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Chess: A Musical I’ve Been Waiting For Decades to See Their Next Move.5 min read

chessRamin-Karimloo-and-Ensemble-in-CHESS_Photo-by-Teresa-Wood
Ramin Karimloo (center)and Ensemble in Chess. Photo by Teresa Wood.

The Review: Broadway Center Stage’s Chess

By Ross

In June of last year, Tim Rice (Evita, Jesus Christ Superstar), the incredible lyric and book writer of many of my favorite musicals, announced that after a recent successful table reading, the long-awaited revival of the musical, Chess, with music by Benny Anderson and Björn Ulvaeus (Mamma Mia!) would return to the Broadway stage for the first time since 1988. Way back in 1984, the musical began the game with the first move being a very successful concept album, and because of that success (the album was a Top 10 hit in the UK, West Germany and South Africa, reached #47 on the US Billboard 200, #39 in France, #35 in Australia, and was #1 on the Swedish charts for seven weeks, most likely due to ABBA’s Swedish heritage), made the strategic and daring move in 1986 to the West End. There it continued its winning streak by scoring numerous awards and three Olivier nominations including Best New Musical and nods for two of its leads. The wildly embraced musical game starred Eileen Page, Tommy Körberg, and Murray Head, and ran for over two years before, naturally making its way to New York City and the Broadway stage.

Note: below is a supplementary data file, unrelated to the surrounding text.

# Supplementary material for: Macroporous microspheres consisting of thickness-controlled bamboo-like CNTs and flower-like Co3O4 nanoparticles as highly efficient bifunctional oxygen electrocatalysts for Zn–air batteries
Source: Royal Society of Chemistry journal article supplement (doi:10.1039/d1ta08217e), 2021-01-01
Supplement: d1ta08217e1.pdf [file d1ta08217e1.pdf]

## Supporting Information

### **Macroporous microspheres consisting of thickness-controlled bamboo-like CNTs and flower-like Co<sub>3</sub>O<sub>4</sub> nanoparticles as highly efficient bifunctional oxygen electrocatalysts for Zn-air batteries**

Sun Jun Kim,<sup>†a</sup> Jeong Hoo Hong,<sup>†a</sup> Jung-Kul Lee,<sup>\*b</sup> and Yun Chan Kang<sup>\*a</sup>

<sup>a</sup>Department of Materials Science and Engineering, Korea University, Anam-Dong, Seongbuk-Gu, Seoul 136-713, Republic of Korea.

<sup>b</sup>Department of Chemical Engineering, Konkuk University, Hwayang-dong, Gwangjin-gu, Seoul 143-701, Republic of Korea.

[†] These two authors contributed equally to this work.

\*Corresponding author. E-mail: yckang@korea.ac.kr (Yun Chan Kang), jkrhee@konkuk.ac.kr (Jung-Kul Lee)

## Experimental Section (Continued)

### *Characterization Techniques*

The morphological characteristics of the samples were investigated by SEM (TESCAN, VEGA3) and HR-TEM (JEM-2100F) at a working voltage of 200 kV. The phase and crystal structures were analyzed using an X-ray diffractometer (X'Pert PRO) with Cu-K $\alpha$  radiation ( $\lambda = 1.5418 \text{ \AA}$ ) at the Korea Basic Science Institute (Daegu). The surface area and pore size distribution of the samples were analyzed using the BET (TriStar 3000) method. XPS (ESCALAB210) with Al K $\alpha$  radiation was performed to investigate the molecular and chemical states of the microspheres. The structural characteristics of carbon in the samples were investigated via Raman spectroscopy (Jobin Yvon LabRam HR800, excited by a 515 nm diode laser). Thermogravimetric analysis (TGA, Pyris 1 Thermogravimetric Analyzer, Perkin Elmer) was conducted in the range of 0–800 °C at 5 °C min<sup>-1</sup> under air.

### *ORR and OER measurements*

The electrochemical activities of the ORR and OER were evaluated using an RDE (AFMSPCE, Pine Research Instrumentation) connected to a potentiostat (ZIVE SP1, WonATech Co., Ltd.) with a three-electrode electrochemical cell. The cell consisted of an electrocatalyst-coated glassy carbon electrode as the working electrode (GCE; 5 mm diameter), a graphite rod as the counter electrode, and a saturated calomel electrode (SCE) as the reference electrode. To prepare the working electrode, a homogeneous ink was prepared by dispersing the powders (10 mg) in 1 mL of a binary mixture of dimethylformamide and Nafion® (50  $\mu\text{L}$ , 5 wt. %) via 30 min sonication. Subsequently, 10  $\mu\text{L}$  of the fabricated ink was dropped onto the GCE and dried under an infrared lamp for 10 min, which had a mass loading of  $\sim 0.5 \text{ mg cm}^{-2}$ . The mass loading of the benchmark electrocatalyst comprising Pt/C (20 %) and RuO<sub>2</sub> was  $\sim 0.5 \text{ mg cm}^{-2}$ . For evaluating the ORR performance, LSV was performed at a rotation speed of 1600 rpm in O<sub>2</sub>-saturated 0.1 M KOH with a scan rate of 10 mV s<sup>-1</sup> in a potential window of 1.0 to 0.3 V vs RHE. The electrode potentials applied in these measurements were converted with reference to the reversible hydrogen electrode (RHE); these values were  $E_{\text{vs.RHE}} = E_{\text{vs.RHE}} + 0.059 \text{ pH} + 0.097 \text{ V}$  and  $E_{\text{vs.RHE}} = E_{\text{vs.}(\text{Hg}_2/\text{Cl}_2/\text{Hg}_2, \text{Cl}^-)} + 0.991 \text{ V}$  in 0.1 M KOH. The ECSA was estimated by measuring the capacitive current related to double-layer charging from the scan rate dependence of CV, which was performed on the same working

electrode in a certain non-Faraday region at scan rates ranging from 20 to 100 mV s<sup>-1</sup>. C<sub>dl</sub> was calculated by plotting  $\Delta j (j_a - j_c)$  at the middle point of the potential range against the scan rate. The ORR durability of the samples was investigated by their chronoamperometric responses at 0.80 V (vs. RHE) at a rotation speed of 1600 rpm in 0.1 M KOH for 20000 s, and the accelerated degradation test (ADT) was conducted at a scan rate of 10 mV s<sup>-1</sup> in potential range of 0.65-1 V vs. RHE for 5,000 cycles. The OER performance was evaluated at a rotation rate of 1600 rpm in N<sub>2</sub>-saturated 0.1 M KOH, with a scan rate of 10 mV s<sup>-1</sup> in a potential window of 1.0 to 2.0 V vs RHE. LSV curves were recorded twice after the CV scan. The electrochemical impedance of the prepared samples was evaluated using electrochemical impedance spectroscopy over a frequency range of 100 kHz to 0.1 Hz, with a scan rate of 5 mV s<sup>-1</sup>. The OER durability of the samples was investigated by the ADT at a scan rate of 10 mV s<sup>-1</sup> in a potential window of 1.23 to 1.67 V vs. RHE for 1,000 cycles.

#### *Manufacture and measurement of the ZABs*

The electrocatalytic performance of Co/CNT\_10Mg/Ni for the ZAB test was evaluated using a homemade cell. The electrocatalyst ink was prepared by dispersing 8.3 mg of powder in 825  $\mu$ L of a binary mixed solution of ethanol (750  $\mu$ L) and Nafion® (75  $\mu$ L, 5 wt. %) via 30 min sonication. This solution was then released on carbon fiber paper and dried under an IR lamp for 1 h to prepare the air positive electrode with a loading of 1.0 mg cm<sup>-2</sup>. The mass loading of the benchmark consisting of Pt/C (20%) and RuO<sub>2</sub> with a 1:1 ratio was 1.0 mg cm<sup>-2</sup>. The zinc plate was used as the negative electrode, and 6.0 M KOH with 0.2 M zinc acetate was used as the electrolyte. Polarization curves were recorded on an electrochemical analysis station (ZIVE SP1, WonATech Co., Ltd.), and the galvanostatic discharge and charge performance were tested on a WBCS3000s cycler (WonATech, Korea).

chessarttsbcb_48022332b984b336e3383e6ff3c0085e739As it made its way over here, the show was reconfigured quite dramatically. The creative team reimagined the show from beginning to end, creating a very altered musical intended specifically for its American audience, with considerable differences in both plot and music. Trevor Nunn (Les Misérables, Sunset Boulevard, Cats) brought in playwright Richard Nelson (James Joyce’s The Dead) in an attempt to make a more straightforward “book show” for Broadway audiences. Nunn decided also, to not bring over Paige for the role of Florence but asked Nelson to recreate the character as an American and Judy Kuhn (Fun Home) was subsequently cast (to great acclaim). After such success in England, Chess did not get the rave reviews it was hoping for or had received in London, with some saying that the new book took away a great deal of its cohesion.  Frank Rich of The New York Times wrote: “the evening has the theatrical consistency of quicksand” and not surprisingly, the musical only ran for two months before the producers were check mated and closed the show.